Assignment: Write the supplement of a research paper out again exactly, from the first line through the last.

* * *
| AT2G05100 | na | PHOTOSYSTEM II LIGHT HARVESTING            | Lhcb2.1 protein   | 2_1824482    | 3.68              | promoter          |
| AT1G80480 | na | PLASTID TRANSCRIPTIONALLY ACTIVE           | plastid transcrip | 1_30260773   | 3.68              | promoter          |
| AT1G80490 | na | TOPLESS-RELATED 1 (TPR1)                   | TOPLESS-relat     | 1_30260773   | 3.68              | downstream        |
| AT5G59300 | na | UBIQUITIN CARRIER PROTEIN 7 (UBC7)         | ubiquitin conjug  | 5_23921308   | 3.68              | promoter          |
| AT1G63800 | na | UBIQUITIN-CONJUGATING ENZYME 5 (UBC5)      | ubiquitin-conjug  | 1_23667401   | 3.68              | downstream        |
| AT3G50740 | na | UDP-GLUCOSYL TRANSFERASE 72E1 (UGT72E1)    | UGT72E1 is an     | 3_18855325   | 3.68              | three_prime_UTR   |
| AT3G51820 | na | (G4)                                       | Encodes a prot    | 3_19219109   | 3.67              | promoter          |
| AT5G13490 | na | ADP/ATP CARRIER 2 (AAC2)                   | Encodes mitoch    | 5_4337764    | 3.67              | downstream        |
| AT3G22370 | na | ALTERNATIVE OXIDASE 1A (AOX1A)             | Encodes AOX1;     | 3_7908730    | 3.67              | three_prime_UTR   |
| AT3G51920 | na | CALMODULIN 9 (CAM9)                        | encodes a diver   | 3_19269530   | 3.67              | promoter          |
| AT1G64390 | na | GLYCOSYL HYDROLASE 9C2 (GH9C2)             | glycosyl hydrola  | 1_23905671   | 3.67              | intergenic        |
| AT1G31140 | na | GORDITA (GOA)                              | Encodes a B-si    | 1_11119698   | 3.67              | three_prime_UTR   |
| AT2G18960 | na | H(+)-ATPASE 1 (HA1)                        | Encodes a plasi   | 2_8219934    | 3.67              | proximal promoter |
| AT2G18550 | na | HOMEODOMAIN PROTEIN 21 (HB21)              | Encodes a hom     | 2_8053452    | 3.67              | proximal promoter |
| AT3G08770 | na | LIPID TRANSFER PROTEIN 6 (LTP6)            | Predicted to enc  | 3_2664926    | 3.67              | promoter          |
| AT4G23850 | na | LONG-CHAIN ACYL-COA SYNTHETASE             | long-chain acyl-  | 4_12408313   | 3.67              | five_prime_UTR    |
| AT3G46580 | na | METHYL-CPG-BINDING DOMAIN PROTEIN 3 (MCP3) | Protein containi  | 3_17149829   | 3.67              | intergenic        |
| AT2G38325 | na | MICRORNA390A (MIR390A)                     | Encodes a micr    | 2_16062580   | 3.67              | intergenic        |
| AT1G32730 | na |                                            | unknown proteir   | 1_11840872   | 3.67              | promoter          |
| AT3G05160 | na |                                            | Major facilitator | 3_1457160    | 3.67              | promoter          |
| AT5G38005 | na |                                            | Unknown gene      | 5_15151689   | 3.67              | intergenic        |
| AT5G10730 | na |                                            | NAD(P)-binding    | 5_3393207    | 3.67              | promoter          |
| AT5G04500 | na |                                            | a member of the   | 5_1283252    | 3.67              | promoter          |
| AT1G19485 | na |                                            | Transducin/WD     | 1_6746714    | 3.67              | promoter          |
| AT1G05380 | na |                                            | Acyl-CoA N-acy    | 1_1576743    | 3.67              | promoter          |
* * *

| AT2G05100 | na | PHOTOSYSTEM II LIGHT HARVESTING            | Lhcb2.1 protein   | 2_1824482    | 3.68              | promoter          |
| AT1G80480 | na | PLASTID TRANSCRIPTIONALLY ACTIVE           | plastid transcrip | 1_30260773   | 3.68              | promoter          |
| AT1G80490 | na | TOPLESS-RELATED 1 (TPR1)                   | TOPLESS-relat     | 1_30260773   | 3.68              | downstream        |
| AT5G59300 | na | UBIQUITIN CARRIER PROTEIN 7 (UBC7)         | ubiquitin conjug  | 5_23921308   | 3.68              | promoter          |
| AT1G63800 | na | UBIQUITIN-CONJUGATING ENZYME 5 (UBC5)      | ubiquitin-conjug  | 1_23667401   | 3.68              | downstream        |
| AT3G50740 | na | UDP-GLUCOSYL TRANSFERASE 72E1 (UGT72E1)    | UGT72E1 is an     | 3_18855325   | 3.68              | three_prime_UTR   |
| AT3G51820 | na | (G4)                                       | Encodes a prot    | 3_19219109   | 3.67              | promoter          |
| AT5G13490 | na | ADP/ATP CARRIER 2 (AAC2)                   | Encodes mitoch    | 5_4337764    | 3.67              | downstream        |
| AT3G22370 | na | ALTERNATIVE OXIDASE 1A (AOX1A)             | Encodes AOX1;     | 3_7908730    | 3.67              | three_prime_UTR   |
| AT3G51920 | na | CALMODULIN 9 (CAM9)                        | encodes a diver   | 3_19269530   | 3.67              | promoter          |
| AT1G64390 | na | GLYCOSYL HYDROLASE 9C2 (GH9C2)             | glycosyl hydrola  | 1_23905671   | 3.67              | intergenic        |
| AT1G31140 | na | GORDITA (GOA)                              | Encodes a B-si    | 1_11119698   | 3.67              | three_prime_UTR   |
| AT2G18960 | na | H(+)-ATPASE 1 (HA1)                        | Encodes a plasi   | 2_8219934    | 3.67              | proximal promoter |
| AT2G18550 | na | HOMEODOMAIN PROTEIN 21 (HB21)              | Encodes a hom     | 2_8053452    | 3.67              | proximal promoter |
| AT3G08770 | na | LIPID TRANSFER PROTEIN 6 (LTP6)            | Predicted to enc  | 3_2664926    | 3.67              | promoter          |
| AT4G23850 | na | LONG-CHAIN ACYL-COA SYNTHETASE             | long-chain acyl-  | 4_12408313   | 3.67              | five_prime_UTR    |
| AT3G46580 | na | METHYL-CPG-BINDING DOMAIN PROTEIN 3 (MCP3) | Protein containi  | 3_17149829   | 3.67              | intergenic        |
| AT2G38325 | na | MICRORNA390A (MIR390A)                     | Encodes a micr    | 2_16062580   | 3.67              | intergenic        |
| AT1G32730 | na |                                            | unknown proteir   | 1_11840872   | 3.67              | promoter          |
| AT3G05160 | na |                                            | Major facilitator | 3_1457160    | 3.67              | promoter          |
| AT5G38005 | na |                                            | Unknown gene      | 5_15151689   | 3.67              | intergenic        |
| AT5G10730 | na |                                            | NAD(P)-binding    | 5_3393207    | 3.67              | promoter          |
| AT5G04500 | na |                                            | a member of the   | 5_1283252    | 3.67              | promoter          |
| AT1G19485 | na |                                            | Transducin/WD     | 1_6746714    | 3.67              | promoter          |
| AT1G05380 | na |                                            | Acyl-CoA N-acy    | 1_1576743    | 3.67              | promoter          |